Fantasy and a Christian Worldview Part 14


I should have given you the schedule for the rest of Sharon Hinck’s blog tour yesterday. Better late than never still works, right? Below are the dates and bloggers she will be visiting.

  • June 2 (Tiff) Amber Miller
  • June 3 Valery Sykes
  • June 4 Janet W. Butler
  • June 5 Camy Tang
  • June 6 Mary Griffith
  • June 7 Sharon Hinck’s Home Blog
  • June 8 Lisa Harris
  • June 9 Julie Cariboni
  • June 10 Tricia Goyer
  • June 12 Violet Nesdoly
  • June 16 Melanie Dobson
  • June 17 Donna Fleisher
  • June 20 Mary DeMuth
  • June 25 Lena Nelson Dooley
  • Also, as part of the promotion for his latest release, Deliver Us from Evelyn, Chris Well has rounded up a number of bloggers to post the first chapter of that book today. You’ll note, here at A Christian Worldview of Fiction, the novel excerpt is posted as a separate page. Click here or on the link in the sidebar and you can read, for free, the exciting beginning of this crime novel.

    And now, back to the show. Er, the discussion. Or random thoughts. Or whatever this blog is. 😉

    Fantasy. I think we’ve established that some Christians stumble over “magic,” what looks to them like material glorifying forces opposed to God.

    I’ve set down the argument that in fantasy a reader suspends a degree of realism, accepting instead a new set of story world rules. For example, C. S. Lewis brings his protagonists into the world of Narnia through the back of a wardrobe. That requires the suspension of belief in what we know to be real, what we know is possible.

    So, from Biblical examples and teaching, a Christian can conclude that we are not to seek supernatural power. But does that mean we should not read about the same? My claim is, no, a Christian should not make such a categorical decision.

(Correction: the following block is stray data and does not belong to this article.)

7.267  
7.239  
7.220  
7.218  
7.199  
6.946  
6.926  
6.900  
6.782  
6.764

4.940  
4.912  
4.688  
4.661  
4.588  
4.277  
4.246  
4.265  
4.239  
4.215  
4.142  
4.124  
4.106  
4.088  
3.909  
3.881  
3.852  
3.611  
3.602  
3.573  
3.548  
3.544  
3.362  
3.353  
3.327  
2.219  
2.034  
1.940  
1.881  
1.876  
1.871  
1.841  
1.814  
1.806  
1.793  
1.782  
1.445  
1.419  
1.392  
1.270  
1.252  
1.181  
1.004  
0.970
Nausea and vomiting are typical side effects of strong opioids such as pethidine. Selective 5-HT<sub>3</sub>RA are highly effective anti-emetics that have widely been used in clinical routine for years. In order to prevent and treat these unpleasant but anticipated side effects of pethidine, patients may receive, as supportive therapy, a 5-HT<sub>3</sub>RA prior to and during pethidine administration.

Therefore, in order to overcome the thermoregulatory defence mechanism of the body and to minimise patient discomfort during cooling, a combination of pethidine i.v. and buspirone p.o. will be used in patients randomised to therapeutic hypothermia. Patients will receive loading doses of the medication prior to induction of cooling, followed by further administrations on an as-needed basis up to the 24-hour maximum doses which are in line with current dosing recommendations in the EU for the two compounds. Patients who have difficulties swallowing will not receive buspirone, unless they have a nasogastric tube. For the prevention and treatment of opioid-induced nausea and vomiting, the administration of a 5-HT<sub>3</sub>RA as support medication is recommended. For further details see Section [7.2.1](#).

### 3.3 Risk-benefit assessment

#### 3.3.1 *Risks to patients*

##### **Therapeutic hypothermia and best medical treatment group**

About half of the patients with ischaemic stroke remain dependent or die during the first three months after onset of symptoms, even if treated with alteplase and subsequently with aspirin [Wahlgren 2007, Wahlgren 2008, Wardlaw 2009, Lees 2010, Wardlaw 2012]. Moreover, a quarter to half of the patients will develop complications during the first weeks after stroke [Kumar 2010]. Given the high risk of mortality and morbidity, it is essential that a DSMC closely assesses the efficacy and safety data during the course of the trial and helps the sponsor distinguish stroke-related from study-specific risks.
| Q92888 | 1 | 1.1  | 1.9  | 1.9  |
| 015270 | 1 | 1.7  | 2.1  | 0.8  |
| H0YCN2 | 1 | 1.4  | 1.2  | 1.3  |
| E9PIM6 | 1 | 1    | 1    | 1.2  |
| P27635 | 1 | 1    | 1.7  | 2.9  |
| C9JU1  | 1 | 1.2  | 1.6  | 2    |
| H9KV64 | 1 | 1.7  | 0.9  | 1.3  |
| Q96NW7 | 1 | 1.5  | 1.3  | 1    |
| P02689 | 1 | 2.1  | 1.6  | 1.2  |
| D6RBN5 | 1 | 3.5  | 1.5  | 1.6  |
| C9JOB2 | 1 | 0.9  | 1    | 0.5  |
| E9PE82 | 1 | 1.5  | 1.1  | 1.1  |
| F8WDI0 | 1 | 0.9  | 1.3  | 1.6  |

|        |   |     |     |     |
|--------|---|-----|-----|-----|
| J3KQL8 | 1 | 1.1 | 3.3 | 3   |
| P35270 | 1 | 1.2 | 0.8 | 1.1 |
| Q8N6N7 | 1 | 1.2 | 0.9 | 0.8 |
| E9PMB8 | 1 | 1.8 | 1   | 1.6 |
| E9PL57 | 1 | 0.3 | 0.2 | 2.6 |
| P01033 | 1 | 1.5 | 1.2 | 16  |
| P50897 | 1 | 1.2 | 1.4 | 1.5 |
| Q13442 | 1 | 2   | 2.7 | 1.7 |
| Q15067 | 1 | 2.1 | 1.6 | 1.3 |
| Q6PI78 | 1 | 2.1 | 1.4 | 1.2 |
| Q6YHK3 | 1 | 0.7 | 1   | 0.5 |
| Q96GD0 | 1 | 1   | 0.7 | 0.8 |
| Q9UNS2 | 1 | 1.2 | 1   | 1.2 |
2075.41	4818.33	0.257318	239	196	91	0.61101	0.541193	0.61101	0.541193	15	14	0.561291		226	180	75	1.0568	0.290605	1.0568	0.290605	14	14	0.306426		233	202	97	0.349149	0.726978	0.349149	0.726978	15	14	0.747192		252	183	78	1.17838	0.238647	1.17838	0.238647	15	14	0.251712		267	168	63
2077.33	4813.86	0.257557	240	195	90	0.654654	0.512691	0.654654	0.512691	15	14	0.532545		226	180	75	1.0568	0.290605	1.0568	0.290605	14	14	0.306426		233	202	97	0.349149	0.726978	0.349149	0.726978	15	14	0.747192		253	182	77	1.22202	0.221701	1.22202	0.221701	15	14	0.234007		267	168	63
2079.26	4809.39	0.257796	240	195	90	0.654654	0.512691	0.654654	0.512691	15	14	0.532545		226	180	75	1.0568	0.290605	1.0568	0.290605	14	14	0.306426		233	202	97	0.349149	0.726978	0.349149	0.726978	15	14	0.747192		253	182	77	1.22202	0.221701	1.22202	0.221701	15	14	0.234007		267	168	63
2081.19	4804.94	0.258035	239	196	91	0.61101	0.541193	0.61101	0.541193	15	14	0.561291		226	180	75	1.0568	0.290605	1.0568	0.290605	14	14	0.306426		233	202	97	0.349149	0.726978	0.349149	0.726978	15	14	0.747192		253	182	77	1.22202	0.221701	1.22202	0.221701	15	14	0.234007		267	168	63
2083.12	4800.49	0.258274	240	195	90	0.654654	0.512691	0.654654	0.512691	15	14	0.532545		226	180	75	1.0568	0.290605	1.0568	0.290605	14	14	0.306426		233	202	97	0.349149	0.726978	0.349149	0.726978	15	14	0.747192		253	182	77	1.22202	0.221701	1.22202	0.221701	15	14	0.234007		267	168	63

When a reader suspends realism, that can include the suspension of belief in things like magic is power from Satan, sorcerers are evil, dragons represent the devil. In the pretend world of fantasy, a writer can create a good witch and a bad one, or boys that can turn into dragons, or pigs that can prophesy.

    Some people have a hard time with this. The ironic thing is, many of those same people have no trouble with TV programs that show adultery, or stories with children lying to their parents or backtalking or being selfish, prideful, mean-spirited, bullying, gossiping. OK, I’ll stop. You know what I’m saying.

    The point is, those behaviors are not questionable. The Bible condemns them over and over, yet there is no thought to try to shield our children or ourselves from such stories that contain such behaviors, or even condone them. When was the last time you heard someone object to a Harry Potter book because he and his friends disobeyed their teachers or the school rules? Or lied about where they’d been?

    Let me ask another question. Which are Christians most likely to be tempted to involve ourselves in, witchcraft or lying? So which story is actually the one that has the most potential to be damaging, the one that creates a fantasy world in which a witch can be good, or a story that ignores lying or even rewards it?

    I’ve mentioned children in this post, and I’m aware that there is actually a different set of rules for adults and children, largely because of children’s reasoning capacity.

    However, I think the best thing parents can do is to teach kids to think critically, not give blanket, categorical judgments. Of course, that requires the parents to think that way first.

    What all goes into critical thinking? That seems to be coming up a lot lately.

    Published in: on June 2, 2006 at 5:00 am  Comments (14)  
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